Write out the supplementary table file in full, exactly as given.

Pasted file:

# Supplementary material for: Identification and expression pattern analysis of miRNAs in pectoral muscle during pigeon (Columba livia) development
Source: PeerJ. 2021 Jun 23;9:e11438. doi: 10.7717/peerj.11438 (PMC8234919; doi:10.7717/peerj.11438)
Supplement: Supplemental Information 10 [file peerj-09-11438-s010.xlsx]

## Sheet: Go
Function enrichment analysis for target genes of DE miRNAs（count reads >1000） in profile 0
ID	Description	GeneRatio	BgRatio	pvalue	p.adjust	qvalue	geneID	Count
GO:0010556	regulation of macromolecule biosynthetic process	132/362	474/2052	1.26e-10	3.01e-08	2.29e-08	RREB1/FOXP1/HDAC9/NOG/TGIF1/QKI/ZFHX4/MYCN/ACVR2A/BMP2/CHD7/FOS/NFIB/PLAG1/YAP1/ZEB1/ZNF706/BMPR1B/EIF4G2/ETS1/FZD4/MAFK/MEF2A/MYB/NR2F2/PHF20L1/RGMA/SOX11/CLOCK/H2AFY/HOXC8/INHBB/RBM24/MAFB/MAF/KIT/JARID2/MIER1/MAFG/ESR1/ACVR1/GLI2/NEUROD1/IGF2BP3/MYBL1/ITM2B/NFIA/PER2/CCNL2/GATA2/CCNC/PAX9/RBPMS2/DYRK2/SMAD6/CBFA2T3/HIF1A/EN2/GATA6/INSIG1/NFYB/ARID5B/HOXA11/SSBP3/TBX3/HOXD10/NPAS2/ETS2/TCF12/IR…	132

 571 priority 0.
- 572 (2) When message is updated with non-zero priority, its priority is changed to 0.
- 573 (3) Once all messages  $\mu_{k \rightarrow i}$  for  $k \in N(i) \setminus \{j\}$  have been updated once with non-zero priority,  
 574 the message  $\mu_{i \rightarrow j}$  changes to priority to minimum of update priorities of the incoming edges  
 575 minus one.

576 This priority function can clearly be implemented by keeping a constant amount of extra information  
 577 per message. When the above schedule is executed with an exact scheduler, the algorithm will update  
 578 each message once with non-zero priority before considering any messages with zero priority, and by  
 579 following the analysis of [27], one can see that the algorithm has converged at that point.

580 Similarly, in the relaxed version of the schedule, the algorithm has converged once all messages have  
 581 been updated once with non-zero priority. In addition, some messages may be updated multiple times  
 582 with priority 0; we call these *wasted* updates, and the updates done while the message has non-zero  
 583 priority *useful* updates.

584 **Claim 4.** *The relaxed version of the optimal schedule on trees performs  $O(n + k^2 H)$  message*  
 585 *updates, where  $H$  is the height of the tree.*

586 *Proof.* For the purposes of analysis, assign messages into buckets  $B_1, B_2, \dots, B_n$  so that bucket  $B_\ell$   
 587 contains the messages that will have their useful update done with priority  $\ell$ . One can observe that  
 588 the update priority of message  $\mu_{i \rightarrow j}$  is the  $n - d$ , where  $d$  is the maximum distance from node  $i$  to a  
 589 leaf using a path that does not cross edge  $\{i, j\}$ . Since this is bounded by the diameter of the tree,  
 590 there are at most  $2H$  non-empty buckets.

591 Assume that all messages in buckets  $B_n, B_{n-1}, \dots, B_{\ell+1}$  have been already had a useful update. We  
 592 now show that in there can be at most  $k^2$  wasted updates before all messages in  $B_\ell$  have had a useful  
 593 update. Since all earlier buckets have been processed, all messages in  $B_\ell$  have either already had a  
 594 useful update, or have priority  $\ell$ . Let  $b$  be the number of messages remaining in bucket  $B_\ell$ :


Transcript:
# Supplementary material for: Identification and expression pattern analysis of miRNAs in pectoral muscle during pigeon (Columba livia) development
Source: PeerJ. 2021 Jun 23;9:e11438. doi: 10.7717/peerj.11438 (PMC8234919; doi:10.7717/peerj.11438)
Supplement: Supplemental Information 10 [file peerj-09-11438-s010.xlsx]

## Sheet: Go
Function enrichment analysis for target genes of DE miRNAs（count reads >1000） in profile 0
ID	Description	GeneRatio	BgRatio	pvalue	p.adjust	qvalue	geneID	Count
GO:0010556	regulation of macromolecule biosynthetic process	132/362	474/2052	1.26e-10	3.01e-08	2.29e-08	RREB1/FOXP1/HDAC9/NOG/TGIF1/QKI/ZFHX4/MYCN/ACVR2A/BMP2/CHD7/FOS/NFIB/PLAG1/YAP1/ZEB1/ZNF706/BMPR1B/EIF4G2/ETS1/FZD4/MAFK/MEF2A/MYB/NR2F2/PHF20L1/RGMA/SOX11/CLOCK/H2AFY/HOXC8/INHBB/RBM24/MAFB/MAF/KIT/JARID2/MIER1/MAFG/ESR1/ACVR1/GLI2/NEUROD1/IGF2BP3/MYBL1/ITM2B/NFIA/PER2/CCNL2/GATA2/CCNC/PAX9/RBPMS2/DYRK2/SMAD6/CBFA2T3/HIF1A/EN2/GATA6/INSIG1/NFYB/ARID5B/HOXA11/SSBP3/TBX3/HOXD10/NPAS2/ETS2/TCF12/IR…	132

 571 priority 0.
- 572 (2) When message is updated with non-zero priority, its priority is changed to 0.
- 573 (3) Once all messages  $\mu_{k \rightarrow i}$  for  $k \in N(i) \setminus \{j\}$  have been updated once with non-zero priority,  
 574 the message  $\mu_{i \rightarrow j}$  changes to priority to minimum of update priorities of the incoming edges  
 575 minus one.

576 This priority function can clearly be implemented by keeping a constant amount of extra information  
 577 per message. When the above schedule is executed with an exact scheduler, the algorithm will update  
 578 each message once with non-zero priority before considering any messages with zero priority, and by  
 579 following the analysis of [27], one can see that the algorithm has converged at that point.

580 Similarly, in the relaxed version of the schedule, the algorithm has converged once all messages have  
 581 been updated once with non-zero priority. In addition, some messages may be updated multiple times  
 582 with priority 0; we call these *wasted* updates, and the updates done while the message has non-zero  
 583 priority *useful* updates.

584 **Claim 4.** *The relaxed version of the optimal schedule on trees performs  $O(n + k^2 H)$  message*  
 585 *updates, where  $H$  is the height of the tree.*

586 *Proof.* For the purposes of analysis, assign messages into buckets  $B_1, B_2, \dots, B_n$  so that bucket  $B_\ell$   
 587 contains the messages that will have their useful update done with priority  $\ell$ . One can observe that  
 588 the update priority of message  $\mu_{i \rightarrow j}$  is the  $n - d$ , where  $d$  is the maximum distance from node  $i$  to a  
 589 leaf using a path that does not cross edge  $\{i, j\}$ . Since this is bounded by the diameter of the tree,  
 590 there are at most  $2H$  non-empty buckets.

591 Assume that all messages in buckets  $B_n, B_{n-1}, \dots, B_{\ell+1}$  have been already had a useful update. We  
 592 now show that in there can be at most  $k^2$  wasted updates before all messages in  $B_\ell$  have had a useful  
 593 update. Since all earlier buckets have been processed, all messages in  $B_\ell$  have either already had a  
 594 useful update, or have priority  $\ell$ . Let  $b$  be the number of messages remaining in bucket  $B_\ell$ :